The People of God, At Long Last

Of the images of the church that emerged from the Second Vatican Council, the people of God was the most important and the most popular. For almost 20 years, it was a constant in the Catholic vocabulary, even entering into liturgy. But from the beginning, it was regarded as suspect.

The late Cardinal Avery Dulles in Models of the Church worried about its democratizing subtext. Others probably feared it as subversive of hierarchical authority. John Paul II neglected it, preferring the magisterial (institutional) model of the church, and sometimes even the teaching church seemed to be reduced to the pope alone.

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For me the real news, potentially the most church renewing news, in Pope Francis’ interview is his revival of the understanding of the church as the people of God. “The image of the church I like,” Pope Francis told Father Spadaro, “is that of the holy, faithful people of God....There is no full identity without belonging to a people. No one is saved alone, as an isolated individual, but God attracts us looking at the complex web of relationships that take place in the human community. God enters into this dynamic, this participation in the web of human relationships.” This is Big Tent Catholicism, with a church that welcomes all.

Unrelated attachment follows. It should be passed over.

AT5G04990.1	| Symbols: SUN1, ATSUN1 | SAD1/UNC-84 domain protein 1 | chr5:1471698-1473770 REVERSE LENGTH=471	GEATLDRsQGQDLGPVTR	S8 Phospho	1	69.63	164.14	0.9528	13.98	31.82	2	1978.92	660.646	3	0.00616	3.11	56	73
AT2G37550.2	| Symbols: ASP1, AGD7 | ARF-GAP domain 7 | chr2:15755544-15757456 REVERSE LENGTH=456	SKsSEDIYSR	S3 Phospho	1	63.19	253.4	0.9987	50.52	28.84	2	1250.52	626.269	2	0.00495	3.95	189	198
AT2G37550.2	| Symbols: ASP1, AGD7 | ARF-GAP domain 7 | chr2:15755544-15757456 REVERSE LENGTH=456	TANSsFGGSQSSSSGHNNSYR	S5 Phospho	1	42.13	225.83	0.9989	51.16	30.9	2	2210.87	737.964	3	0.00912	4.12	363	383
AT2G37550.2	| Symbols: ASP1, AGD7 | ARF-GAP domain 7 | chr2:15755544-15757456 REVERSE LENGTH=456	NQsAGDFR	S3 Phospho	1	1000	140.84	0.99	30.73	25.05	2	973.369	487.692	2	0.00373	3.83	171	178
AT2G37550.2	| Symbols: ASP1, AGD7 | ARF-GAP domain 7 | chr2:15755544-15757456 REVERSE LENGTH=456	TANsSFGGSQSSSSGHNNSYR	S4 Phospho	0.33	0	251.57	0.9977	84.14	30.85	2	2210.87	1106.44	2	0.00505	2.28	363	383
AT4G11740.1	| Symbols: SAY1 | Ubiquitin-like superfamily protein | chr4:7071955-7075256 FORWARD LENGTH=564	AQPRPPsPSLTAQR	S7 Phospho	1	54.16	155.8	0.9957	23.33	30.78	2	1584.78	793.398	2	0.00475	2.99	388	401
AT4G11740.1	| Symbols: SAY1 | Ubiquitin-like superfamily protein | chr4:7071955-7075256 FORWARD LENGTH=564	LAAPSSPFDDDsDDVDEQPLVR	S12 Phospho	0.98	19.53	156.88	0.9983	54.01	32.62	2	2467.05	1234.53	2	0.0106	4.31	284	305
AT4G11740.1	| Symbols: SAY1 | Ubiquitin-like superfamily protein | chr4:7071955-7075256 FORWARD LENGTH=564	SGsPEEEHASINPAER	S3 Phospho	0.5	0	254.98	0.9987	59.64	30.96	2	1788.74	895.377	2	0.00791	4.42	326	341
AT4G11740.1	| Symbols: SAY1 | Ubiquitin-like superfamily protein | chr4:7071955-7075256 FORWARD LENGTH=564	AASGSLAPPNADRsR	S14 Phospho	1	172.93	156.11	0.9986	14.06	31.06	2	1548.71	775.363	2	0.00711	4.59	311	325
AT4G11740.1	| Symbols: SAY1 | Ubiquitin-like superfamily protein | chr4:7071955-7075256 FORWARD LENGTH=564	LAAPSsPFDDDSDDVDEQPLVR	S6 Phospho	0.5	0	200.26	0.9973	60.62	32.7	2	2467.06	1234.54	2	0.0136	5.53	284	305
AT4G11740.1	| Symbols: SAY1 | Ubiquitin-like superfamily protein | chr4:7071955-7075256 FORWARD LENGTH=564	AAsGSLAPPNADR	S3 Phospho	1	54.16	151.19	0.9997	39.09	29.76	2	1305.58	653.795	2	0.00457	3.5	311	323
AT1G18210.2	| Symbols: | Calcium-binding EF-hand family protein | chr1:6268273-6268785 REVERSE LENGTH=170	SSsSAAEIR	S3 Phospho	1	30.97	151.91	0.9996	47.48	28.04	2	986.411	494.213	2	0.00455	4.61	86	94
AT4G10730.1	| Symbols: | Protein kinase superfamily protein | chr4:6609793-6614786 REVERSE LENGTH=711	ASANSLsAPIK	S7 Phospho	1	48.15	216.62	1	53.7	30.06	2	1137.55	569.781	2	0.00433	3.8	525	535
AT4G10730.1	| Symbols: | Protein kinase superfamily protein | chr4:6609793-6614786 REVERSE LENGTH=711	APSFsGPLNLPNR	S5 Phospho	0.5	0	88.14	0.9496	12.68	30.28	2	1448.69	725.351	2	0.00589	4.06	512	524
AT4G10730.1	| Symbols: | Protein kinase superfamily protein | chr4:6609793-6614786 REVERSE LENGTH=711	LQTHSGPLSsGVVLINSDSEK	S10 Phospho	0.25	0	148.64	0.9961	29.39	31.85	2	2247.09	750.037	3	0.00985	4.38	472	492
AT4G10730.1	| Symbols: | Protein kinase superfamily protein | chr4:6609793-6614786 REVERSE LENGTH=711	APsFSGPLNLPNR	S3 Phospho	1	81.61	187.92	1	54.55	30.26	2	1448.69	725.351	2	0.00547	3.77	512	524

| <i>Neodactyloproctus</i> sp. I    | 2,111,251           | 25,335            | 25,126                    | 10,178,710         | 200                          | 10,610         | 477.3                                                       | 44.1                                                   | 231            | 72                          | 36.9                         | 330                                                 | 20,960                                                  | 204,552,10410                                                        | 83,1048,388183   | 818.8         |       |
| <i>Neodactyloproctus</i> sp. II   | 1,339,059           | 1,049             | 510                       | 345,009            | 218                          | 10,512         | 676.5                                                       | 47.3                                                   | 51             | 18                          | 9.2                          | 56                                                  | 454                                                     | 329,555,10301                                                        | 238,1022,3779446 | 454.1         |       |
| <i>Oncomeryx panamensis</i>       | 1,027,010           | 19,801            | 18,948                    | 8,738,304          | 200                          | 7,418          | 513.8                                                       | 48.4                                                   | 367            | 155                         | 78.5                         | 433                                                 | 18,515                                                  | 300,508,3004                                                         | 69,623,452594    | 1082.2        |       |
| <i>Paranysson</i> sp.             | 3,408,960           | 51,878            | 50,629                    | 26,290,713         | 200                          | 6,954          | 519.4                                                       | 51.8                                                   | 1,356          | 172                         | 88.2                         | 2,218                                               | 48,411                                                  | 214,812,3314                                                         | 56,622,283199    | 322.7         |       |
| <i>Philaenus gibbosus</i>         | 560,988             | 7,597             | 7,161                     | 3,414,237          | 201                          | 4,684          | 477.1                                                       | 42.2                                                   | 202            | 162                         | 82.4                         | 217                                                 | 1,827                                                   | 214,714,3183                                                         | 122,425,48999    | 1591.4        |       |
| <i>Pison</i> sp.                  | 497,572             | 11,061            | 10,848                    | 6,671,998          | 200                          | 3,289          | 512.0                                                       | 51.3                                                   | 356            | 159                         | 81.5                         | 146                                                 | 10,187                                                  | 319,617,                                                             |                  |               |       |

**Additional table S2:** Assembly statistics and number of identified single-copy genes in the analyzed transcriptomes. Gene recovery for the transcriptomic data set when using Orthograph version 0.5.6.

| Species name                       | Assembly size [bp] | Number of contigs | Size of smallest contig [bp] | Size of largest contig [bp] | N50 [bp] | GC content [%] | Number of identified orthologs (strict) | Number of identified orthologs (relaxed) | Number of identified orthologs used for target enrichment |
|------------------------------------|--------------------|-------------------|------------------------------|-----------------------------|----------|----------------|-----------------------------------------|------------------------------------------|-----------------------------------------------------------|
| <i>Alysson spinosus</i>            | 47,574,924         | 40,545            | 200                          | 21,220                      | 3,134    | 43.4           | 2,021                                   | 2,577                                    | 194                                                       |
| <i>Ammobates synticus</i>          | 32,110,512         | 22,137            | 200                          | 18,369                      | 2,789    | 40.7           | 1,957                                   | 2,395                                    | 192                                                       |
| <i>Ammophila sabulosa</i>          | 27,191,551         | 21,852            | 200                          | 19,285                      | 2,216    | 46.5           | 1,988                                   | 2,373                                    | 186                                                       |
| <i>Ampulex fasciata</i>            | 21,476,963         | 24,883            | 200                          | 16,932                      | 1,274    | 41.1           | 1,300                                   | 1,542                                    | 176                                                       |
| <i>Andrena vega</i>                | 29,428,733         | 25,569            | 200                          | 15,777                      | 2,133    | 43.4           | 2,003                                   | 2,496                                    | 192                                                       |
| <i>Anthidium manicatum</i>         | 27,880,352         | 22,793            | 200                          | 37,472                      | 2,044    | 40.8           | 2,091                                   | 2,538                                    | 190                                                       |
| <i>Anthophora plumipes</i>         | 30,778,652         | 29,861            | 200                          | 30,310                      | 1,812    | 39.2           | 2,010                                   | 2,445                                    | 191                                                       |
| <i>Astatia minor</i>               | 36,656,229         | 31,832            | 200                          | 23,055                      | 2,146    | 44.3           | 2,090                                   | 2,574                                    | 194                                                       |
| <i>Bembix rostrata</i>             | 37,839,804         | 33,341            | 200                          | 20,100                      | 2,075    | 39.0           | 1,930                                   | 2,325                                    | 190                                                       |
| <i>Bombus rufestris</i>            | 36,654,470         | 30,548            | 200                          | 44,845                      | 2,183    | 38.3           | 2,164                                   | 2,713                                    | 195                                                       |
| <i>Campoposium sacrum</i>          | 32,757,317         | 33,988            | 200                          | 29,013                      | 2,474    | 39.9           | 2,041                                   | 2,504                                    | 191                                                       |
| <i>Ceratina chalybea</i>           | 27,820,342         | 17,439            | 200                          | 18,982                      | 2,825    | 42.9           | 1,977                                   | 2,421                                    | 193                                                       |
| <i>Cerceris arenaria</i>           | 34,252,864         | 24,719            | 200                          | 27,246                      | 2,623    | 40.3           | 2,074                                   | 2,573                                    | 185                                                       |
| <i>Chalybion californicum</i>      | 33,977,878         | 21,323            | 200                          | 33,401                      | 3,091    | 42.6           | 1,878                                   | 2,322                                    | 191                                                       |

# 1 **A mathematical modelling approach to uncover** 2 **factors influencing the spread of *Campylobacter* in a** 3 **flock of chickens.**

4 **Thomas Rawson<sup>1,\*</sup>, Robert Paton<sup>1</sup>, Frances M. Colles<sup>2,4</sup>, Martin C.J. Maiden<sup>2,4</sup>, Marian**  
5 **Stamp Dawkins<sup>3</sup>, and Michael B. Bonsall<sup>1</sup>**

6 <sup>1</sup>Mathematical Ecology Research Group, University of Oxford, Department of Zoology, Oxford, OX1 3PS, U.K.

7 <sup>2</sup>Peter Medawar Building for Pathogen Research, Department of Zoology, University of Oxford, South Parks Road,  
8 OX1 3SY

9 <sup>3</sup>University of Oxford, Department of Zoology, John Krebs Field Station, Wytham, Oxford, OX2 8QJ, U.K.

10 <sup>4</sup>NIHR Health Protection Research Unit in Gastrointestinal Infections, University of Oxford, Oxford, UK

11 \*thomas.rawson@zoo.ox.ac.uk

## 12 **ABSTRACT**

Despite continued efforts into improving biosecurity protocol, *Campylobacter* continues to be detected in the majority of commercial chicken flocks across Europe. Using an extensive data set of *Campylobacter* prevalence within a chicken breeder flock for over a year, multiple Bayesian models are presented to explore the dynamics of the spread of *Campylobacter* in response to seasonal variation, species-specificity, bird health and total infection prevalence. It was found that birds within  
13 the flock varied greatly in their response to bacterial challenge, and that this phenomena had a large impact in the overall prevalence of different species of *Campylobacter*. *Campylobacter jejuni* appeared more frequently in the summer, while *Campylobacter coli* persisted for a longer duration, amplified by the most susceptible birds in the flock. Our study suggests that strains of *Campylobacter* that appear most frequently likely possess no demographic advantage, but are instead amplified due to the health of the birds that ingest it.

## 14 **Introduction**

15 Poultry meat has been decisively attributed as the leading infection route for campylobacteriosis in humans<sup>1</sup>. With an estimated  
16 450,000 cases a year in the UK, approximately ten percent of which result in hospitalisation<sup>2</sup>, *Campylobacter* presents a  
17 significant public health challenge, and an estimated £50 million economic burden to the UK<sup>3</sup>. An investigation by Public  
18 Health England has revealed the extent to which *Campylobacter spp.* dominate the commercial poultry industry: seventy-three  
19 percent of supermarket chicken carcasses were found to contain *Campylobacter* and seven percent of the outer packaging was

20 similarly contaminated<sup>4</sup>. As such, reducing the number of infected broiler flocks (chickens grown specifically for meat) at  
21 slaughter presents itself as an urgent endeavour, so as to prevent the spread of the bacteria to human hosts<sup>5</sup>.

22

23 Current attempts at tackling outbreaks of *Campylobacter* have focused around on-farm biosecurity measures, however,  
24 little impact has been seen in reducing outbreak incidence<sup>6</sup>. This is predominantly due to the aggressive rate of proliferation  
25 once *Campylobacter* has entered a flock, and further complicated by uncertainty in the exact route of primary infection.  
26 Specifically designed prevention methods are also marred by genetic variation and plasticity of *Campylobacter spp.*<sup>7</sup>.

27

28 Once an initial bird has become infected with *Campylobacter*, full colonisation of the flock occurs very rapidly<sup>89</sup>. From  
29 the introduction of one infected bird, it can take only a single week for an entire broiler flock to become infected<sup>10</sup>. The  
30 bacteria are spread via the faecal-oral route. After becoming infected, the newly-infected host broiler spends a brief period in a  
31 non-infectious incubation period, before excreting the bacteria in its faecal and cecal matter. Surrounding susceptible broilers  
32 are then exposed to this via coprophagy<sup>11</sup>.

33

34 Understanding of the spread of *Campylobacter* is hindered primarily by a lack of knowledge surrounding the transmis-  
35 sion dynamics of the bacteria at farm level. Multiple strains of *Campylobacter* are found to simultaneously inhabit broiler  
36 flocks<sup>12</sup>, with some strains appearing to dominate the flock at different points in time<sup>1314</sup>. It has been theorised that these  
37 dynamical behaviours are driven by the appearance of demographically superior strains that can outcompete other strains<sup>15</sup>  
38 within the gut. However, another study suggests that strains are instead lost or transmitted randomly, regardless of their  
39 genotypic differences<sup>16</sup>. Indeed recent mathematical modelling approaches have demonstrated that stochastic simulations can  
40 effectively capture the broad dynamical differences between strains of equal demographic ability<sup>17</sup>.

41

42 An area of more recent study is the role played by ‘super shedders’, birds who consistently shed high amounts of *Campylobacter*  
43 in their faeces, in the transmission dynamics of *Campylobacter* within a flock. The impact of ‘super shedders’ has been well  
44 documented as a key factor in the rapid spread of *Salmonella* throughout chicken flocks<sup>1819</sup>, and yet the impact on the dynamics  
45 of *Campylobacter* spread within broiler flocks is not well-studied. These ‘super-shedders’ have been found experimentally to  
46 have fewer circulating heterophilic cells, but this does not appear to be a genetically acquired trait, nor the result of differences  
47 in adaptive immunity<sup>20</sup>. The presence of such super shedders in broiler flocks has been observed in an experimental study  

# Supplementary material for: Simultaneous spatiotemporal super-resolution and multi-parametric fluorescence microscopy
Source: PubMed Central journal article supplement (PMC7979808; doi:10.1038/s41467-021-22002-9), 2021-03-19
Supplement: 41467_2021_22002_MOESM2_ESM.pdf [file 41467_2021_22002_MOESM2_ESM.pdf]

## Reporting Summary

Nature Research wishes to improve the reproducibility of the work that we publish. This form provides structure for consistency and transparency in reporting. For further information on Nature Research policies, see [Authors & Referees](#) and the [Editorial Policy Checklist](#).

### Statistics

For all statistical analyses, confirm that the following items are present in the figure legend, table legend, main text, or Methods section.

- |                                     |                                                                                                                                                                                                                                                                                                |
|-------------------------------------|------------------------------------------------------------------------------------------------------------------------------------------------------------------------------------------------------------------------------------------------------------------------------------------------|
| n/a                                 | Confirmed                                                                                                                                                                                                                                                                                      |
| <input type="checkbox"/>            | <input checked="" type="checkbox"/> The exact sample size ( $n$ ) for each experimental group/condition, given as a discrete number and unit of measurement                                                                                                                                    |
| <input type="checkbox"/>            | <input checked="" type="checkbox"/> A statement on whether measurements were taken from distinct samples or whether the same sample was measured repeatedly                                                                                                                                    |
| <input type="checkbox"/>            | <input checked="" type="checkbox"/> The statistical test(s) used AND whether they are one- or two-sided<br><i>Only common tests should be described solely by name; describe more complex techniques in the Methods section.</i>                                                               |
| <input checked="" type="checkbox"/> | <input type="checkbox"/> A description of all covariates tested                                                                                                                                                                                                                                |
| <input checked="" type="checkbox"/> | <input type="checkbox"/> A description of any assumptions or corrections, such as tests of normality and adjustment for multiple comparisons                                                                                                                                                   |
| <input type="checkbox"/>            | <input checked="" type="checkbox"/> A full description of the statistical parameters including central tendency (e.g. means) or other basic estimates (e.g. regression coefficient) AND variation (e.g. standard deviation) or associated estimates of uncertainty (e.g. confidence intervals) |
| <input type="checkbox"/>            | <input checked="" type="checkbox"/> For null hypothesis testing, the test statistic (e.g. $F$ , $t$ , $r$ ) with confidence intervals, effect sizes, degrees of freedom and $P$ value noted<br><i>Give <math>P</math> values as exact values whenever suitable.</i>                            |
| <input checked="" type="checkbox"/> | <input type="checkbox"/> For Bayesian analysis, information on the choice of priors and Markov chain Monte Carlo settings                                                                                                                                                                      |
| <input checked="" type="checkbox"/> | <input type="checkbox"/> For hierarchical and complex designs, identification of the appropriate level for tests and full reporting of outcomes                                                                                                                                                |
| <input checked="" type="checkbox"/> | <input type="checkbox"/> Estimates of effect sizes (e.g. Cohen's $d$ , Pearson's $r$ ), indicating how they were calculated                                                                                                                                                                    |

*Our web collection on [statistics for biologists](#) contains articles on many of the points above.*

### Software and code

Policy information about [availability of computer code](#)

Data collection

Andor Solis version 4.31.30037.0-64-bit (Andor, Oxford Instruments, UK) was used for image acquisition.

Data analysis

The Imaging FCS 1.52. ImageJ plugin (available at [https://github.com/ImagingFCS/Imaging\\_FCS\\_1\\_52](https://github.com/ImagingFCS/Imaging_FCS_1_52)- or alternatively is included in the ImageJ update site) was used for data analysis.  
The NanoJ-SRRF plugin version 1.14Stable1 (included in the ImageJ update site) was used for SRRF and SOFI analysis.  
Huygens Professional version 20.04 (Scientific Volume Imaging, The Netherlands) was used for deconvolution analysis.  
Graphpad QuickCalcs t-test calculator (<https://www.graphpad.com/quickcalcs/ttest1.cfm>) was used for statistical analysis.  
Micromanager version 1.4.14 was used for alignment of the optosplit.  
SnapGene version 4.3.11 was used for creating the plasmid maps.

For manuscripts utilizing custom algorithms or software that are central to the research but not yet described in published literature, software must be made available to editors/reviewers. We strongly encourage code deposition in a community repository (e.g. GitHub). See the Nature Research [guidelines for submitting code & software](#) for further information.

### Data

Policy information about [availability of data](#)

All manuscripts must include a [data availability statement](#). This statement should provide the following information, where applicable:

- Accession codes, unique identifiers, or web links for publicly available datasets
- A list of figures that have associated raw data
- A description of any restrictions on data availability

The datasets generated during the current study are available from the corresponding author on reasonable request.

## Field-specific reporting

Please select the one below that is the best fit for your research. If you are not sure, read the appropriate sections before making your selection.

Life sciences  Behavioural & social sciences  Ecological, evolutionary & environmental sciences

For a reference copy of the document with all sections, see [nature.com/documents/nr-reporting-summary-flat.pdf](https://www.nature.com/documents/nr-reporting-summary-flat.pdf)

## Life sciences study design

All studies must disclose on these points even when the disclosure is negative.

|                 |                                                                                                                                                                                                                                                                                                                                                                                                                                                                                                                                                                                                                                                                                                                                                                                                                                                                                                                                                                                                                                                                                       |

No longer an institution or worse an office, the church is “a community, a web of relations.” Francis embraces the model of the church that the late Cardinal Dulles called his own favorite, “a community of disciples.”

Astoundingly, Francis identifies infallibility as inhering in the whole church: “a supernatural sense of the faith of all the people walking together. . . When the dialogue among the people and the bishops and the pope goes down this road and is genuine, then it is assisted by the Holy Spirit.” This is an entirely orthodox understanding of infallibility, but one side-lined in practice for too long in favor of a monarchical view. It is what Blessed John Henry Newman called “a conspiracy of bishops and faithful.”

For me the other headline in the Francis interview is the re-focusing the church on the Gospel. God’s love is the center once more of the church’s preaching. Morality has a place, but it is secondary to the Gospel of God’s love and mercy. To be sure what Pope John Paul II called “the Gospel of Life” has a place in the church’s proclamation as it has had from the beginning. But it is not the central message and what Pope Francis calls the “obsession” with sexual morality has distorted Catholic pastoral and practice and social ministry, especially in the United States. “The proclamation of the saving love of God comes before moral and religious imperatives,” he told his interviewer.

Popular response has already made obvious how people now hear the good news in the Gospel once again. New Evangelization? Pope Francis is the New Evangelization personified.

Like the Gospel of Jesus itself, the Gospel Francis preaches also shows up the Pharasaism of the moral righteousness that seeks to establish public morality according to abstract norms without making pastoral allowance for context and persons. Can there be any convincing answer to his question, “Tell me: when God looks at a gay person, does he endorse the existence of this person with love, or reject and condemn this person?”

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